Wednesday, August 27, 2008

Field Trip: Providence Wrap-Up

This is my last Providence post for a while, methinks (at least until we visit the city again). I had a few more items I wanted to share and they all didn't warrant their own posts. So, here are some basic logistical tips gleaned from our three-day weekend for you:

We ended up at the Providence Biltmore. The Biltmore is the oldest hotel in Providence (built in 1922) and thanks to a recent renovation, is actually a pretty nice place to stay. It's built in an "L" shape which means that every rooms has a view of downtown (this can be a good or bad thing, depending on how you feel about gazing into office windows).

As is frequently the case in old hotels, our room was quirky and tiny. I got our room through Hotwire and we only spent $75 per night, so I didn't really mind. Had we been spent the rack rate of $170, I mighta been annoyed. The pluses: the staff was (mostly) friendly, there is a Starbucks attached to the hotel, and the location is central and very easy to get to by car or Amtrak.

We ate a lot. I recommend a visit to every restaurant we went to. Chez Pascal was a nice splurge (although during the week there is a very reasonable prix fixe menu), Troup House had a gorgeous setting and great home-style food, and we happily walked (you can take a taxi or the bus) the mile and a half to Nick's for brunch (twice!).

We had sandwiches from Farmstead Downcity for lunch on Saturday. They were prepared to order and were quite yummy and interesting (albeit pricey). The breads were fresh, the tomatoes were heirloom and the cheeses were delicious.

Our only disappointment was Haven Brothers' diner truck. I wanted it to be great; the tradition behind Haven's is so appealing. They've been setting up in virtually the same spot near city hall since 1888. They serve from around 4:00 in the afternoon until 2:00 or 3:00 in the morning. Clearly, intoxication to a level nearing the risk of blood poisoning is required to enjoy food from this cart. The hot dog we shared made up for its lack of quality with its staying power: we both woke up with indigestion and relish-flavored burps (charming, I know).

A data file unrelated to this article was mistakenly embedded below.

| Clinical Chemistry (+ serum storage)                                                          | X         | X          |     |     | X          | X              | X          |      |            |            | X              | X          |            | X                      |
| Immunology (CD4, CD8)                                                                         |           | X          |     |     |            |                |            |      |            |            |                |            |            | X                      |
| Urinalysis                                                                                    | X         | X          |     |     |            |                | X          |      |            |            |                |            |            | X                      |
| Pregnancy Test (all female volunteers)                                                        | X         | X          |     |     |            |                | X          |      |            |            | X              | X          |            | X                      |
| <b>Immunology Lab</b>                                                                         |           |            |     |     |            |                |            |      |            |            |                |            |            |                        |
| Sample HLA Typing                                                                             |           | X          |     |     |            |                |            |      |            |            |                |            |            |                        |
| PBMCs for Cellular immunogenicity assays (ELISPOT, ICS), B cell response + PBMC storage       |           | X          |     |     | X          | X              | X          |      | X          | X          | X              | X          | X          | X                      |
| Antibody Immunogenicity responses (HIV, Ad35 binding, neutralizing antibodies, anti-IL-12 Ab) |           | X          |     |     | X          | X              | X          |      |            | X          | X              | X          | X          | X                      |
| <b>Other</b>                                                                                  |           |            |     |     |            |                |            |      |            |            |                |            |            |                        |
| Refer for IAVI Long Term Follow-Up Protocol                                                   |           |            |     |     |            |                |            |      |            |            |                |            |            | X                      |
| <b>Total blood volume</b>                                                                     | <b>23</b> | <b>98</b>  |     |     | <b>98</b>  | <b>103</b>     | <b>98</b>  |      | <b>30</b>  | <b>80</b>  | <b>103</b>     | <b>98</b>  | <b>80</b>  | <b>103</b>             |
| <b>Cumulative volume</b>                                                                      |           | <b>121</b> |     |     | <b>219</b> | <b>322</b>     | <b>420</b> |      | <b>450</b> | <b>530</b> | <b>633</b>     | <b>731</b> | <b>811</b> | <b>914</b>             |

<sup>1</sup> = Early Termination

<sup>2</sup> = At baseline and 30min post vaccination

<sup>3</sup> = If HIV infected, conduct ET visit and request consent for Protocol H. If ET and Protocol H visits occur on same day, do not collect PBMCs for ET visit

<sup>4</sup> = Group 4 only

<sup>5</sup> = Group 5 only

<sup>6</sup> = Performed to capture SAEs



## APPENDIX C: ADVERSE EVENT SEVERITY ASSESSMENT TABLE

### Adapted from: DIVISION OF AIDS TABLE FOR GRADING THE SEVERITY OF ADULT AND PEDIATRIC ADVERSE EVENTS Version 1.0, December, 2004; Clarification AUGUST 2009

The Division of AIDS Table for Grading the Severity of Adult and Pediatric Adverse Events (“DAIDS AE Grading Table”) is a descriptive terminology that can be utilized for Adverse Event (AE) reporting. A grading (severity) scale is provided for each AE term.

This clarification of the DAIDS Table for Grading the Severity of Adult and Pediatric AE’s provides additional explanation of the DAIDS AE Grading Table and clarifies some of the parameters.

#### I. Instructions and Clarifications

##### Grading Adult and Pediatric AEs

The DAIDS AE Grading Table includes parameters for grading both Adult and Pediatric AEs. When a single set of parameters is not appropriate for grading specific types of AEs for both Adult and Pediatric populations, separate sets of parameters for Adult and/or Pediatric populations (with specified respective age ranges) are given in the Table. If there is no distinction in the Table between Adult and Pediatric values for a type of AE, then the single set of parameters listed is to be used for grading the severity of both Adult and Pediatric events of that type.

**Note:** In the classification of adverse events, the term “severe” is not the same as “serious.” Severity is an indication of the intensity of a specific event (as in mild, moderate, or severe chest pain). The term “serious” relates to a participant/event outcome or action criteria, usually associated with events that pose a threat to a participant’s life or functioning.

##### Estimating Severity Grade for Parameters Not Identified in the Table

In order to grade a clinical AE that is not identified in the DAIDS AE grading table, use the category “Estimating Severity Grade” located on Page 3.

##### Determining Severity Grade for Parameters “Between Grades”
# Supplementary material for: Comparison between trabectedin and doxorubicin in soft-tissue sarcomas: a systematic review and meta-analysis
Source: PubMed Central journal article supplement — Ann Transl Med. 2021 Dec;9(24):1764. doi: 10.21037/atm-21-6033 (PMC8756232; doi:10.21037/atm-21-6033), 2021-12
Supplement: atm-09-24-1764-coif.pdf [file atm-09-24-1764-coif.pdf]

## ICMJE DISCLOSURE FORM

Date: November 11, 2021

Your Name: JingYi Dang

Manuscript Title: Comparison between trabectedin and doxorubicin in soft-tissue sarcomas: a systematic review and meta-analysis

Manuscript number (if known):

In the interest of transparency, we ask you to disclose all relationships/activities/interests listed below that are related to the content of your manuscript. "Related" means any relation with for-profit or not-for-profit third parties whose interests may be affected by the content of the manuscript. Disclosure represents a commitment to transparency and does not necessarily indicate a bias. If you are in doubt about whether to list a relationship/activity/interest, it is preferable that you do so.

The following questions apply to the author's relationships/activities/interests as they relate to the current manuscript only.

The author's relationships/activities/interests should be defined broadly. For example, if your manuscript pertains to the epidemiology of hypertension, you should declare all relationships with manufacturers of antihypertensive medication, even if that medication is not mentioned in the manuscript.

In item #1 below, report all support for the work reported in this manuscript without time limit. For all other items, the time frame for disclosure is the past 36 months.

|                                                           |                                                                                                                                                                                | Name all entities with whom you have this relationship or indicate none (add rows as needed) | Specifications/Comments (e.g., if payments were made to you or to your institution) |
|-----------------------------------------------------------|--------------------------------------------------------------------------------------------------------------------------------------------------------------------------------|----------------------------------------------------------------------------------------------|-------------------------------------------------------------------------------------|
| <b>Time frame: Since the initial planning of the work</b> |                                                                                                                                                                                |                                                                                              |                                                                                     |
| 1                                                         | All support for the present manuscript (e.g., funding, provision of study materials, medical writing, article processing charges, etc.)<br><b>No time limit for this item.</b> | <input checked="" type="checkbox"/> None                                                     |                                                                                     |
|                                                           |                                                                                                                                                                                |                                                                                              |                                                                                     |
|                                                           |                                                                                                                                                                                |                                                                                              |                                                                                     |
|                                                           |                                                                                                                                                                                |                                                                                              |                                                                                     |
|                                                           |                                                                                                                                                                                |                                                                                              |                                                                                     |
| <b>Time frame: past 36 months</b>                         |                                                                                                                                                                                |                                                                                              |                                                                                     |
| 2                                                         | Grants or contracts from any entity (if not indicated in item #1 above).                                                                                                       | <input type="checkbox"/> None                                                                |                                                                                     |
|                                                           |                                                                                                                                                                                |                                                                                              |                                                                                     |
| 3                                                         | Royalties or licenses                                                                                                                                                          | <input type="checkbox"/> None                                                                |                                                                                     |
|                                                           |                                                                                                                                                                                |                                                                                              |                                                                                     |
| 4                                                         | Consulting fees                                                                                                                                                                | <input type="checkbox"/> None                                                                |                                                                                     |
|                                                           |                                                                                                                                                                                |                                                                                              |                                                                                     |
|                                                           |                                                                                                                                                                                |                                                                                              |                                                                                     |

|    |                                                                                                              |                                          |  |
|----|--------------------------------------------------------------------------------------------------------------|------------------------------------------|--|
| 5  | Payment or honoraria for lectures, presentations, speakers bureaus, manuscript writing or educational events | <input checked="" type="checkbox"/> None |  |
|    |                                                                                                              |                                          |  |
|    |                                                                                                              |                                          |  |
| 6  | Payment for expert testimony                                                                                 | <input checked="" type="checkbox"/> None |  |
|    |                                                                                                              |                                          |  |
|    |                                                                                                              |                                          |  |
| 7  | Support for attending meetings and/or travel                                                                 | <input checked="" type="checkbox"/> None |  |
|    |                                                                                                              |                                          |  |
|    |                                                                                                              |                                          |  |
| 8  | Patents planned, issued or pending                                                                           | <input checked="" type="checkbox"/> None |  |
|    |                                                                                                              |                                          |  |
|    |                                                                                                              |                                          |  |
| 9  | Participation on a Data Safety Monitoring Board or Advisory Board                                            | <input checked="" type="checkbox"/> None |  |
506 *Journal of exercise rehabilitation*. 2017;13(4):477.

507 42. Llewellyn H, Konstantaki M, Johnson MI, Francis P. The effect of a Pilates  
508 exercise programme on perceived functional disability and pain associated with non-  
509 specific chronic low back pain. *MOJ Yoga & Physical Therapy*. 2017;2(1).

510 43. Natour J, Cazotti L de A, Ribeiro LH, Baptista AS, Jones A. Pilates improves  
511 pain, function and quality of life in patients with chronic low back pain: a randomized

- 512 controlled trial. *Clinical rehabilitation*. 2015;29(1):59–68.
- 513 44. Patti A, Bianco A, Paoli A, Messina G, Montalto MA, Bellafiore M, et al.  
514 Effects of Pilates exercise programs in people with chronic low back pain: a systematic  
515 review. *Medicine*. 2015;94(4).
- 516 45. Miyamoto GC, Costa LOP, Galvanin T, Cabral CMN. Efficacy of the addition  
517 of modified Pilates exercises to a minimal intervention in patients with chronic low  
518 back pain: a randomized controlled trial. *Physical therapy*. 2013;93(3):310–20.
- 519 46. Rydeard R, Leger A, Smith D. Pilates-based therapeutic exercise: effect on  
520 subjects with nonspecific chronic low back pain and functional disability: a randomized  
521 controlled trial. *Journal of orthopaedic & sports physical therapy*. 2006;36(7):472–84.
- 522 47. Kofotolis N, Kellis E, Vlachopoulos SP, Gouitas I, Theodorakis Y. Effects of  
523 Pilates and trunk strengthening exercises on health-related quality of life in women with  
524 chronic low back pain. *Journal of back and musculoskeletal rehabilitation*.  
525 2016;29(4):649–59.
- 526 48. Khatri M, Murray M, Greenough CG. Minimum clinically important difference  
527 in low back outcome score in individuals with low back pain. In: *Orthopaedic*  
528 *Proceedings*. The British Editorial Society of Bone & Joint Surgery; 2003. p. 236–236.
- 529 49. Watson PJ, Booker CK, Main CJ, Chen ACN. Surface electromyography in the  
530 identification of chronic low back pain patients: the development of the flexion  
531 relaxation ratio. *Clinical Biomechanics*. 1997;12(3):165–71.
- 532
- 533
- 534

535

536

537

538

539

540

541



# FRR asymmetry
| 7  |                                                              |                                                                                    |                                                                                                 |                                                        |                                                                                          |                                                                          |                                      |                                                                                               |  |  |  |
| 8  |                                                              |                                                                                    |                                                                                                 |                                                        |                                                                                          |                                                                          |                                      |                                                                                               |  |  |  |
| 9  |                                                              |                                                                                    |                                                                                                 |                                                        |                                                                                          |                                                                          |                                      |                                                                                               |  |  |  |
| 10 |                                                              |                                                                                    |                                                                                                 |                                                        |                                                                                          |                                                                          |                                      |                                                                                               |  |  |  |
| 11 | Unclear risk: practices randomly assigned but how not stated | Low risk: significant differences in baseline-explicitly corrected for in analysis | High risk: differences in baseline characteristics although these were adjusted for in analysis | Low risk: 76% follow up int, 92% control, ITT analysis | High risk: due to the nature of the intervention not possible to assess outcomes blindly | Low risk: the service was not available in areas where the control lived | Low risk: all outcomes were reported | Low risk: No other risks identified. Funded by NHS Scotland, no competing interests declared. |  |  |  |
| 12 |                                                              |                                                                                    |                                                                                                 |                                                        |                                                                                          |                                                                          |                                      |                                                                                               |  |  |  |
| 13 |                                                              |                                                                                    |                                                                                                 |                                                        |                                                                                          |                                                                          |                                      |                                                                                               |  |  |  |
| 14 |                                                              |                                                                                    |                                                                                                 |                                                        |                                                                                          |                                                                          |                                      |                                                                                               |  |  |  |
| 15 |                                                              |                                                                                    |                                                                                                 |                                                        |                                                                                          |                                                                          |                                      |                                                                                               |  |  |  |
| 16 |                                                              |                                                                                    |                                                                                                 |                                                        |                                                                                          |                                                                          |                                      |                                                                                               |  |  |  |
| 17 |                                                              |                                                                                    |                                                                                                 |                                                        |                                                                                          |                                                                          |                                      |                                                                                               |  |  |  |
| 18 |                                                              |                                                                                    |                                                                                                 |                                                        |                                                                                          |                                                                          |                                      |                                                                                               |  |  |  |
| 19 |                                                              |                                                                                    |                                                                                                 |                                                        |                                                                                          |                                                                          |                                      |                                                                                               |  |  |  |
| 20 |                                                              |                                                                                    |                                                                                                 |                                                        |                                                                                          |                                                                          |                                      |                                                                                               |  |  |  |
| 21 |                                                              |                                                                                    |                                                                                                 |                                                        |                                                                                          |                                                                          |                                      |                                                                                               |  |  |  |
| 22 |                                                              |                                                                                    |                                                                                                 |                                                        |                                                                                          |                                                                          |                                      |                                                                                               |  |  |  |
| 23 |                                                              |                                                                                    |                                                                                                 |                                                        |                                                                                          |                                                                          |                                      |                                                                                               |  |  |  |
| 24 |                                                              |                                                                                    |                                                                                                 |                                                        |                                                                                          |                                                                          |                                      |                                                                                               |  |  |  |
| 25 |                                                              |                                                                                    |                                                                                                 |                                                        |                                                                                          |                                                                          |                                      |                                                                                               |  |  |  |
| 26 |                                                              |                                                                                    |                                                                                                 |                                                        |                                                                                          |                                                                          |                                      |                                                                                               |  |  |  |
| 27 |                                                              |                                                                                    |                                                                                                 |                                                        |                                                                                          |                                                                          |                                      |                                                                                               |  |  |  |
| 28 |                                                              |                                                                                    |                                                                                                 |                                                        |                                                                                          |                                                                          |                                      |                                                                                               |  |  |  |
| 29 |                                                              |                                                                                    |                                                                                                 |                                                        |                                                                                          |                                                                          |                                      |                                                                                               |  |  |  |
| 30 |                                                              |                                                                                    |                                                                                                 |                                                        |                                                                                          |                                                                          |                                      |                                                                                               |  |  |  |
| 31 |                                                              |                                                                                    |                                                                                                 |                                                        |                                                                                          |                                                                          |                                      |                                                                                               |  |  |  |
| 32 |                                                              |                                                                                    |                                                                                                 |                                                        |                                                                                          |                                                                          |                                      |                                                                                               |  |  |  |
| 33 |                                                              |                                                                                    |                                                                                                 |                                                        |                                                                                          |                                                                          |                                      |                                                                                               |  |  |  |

On the day we arrived, we visited the Johnson and Wales Culinary Museum and Archive. It's really worth a trip and is an easy place to get to if you're coming in on Route 95.

We did a lot of walking about. I strongly recommend a stroll up Broadway (perhaps on your way to Nick's?). The architecture of the homes is just gorgeous. There are a few abandoned looking blocks on your way out of the downtown area, but perservere! Beauty awaits.

We walked from Nick's up into the Federal Hill area. Atwells Avenue is the historic center of the Italian population of Providence. Great food and coffee abound. We bought some wine from the well-curated selection at Gasbarro's. Broccoli rabe-stuffed ravioli was one of the prizes we brought home from Venda Ravioli.

We visited the Rhode Island School of Design's art museum. It's a fairly large collection, and I confess were a little fatigued by the time we'd strolled through most of it. What I would do next time is a pick one part of the collection and send my time there. The collection itself was fairly extensive and covered everything from ancient Egypt to Asia to portraiture to antique homes .... oh and there was some Modern Art too.

What We Missed (That I know of)
We are planning to head down to Providence again - we loved what we saw (and ate!) and still have more to see. Next time we'll be sure to visit the Brown University campus and explore a few more parts of the city. There are walking tours that sounds quite interesting. They are offered by the Rhode Island Historical Society.

On the food front: I must have a New York System hot weiner (can't believe I missed that - and yes that's how they spell "wiener"), we will probably want to visit Al Forno, La Laiterie and Gracie's.

How about you? Have you been to Providence? What should we see and do next time?

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